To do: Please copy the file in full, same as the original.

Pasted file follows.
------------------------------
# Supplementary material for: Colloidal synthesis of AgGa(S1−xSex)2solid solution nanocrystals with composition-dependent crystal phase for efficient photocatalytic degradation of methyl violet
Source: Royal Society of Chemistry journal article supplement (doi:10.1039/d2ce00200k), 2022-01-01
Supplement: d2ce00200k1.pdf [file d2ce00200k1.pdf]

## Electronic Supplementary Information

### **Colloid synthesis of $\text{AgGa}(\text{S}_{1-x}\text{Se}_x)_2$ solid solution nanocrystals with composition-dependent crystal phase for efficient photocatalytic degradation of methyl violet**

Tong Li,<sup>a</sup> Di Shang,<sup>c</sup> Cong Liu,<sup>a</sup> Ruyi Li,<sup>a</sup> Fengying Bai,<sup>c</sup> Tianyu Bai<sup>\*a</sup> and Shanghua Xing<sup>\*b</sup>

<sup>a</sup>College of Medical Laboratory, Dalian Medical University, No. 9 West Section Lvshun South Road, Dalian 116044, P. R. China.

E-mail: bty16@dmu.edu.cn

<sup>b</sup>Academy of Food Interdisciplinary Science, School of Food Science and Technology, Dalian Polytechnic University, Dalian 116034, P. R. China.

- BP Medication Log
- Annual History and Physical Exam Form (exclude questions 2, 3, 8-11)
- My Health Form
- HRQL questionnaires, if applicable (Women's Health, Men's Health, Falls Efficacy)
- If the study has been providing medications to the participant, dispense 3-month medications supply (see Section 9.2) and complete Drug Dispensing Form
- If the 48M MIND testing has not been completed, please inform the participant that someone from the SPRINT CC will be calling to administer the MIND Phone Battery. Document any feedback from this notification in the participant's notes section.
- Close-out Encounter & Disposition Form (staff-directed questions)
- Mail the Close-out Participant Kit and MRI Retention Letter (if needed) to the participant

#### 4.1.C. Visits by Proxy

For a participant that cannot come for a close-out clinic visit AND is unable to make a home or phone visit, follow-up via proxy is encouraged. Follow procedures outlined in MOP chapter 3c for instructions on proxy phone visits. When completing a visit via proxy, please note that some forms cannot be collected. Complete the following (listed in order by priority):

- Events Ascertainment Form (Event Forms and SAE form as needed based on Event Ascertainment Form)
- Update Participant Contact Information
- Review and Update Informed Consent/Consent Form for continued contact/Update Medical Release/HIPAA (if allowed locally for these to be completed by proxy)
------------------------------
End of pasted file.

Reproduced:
# Supplementary material for: Colloidal synthesis of AgGa(S1−xSex)2solid solution nanocrystals with composition-dependent crystal phase for efficient photocatalytic degradation of methyl violet
Source: Royal Society of Chemistry journal article supplement (doi:10.1039/d2ce00200k), 2022-01-01
Supplement: d2ce00200k1.pdf [file d2ce00200k1.pdf]

## Electronic Supplementary Information

### **Colloid synthesis of $\text{AgGa}(\text{S}_{1-x}\text{Se}_x)_2$ solid solution nanocrystals with composition-dependent crystal phase for efficient photocatalytic degradation of methyl violet**

Tong Li,<sup>a</sup> Di Shang,<sup>c</sup> Cong Liu,<sup>a</sup> Ruyi Li,<sup>a</sup> Fengying Bai,<sup>c</sup> Tianyu Bai<sup>\*a</sup> and Shanghua Xing<sup>\*b</sup>

<sup>a</sup>College of Medical Laboratory, Dalian Medical University, No. 9 West Section Lvshun South Road, Dalian 116044, P. R. China.

E-mail: bty16@dmu.edu.cn

<sup>b</sup>Academy of Food Interdisciplinary Science, School of Food Science and Technology, Dalian Polytechnic University, Dalian 116034, P. R. China.

- BP Medication Log
- Annual History and Physical Exam Form (exclude questions 2, 3, 8-11)
- My Health Form
- HRQL questionnaires, if applicable (Women's Health, Men's Health, Falls Efficacy)
- If the study has been providing medications to the participant, dispense 3-month medications supply (see Section 9.2) and complete Drug Dispensing Form
- If the 48M MIND testing has not been completed, please inform the participant that someone from the SPRINT CC will be calling to administer the MIND Phone Battery. Document any feedback from this notification in the participant's notes section.
- Close-out Encounter & Disposition Form (staff-directed questions)
- Mail the Close-out Participant Kit and MRI Retention Letter (if needed) to the participant

#### 4.1.C. Visits by Proxy

For a participant that cannot come for a close-out clinic visit AND is unable to make a home or phone visit, follow-up via proxy is encouraged. Follow procedures outlined in MOP chapter 3c for instructions on proxy phone visits. When completing a visit via proxy, please note that some forms cannot be collected. Complete the following (listed in order by priority):

- Events Ascertainment Form (Event Forms and SAE form as needed based on Event Ascertainment Form)
- Update Participant Contact Information
- Review and Update Informed Consent/Consent Form for continued contact/Update Medical Release/HIPAA (if allowed locally for these to be completed by proxy)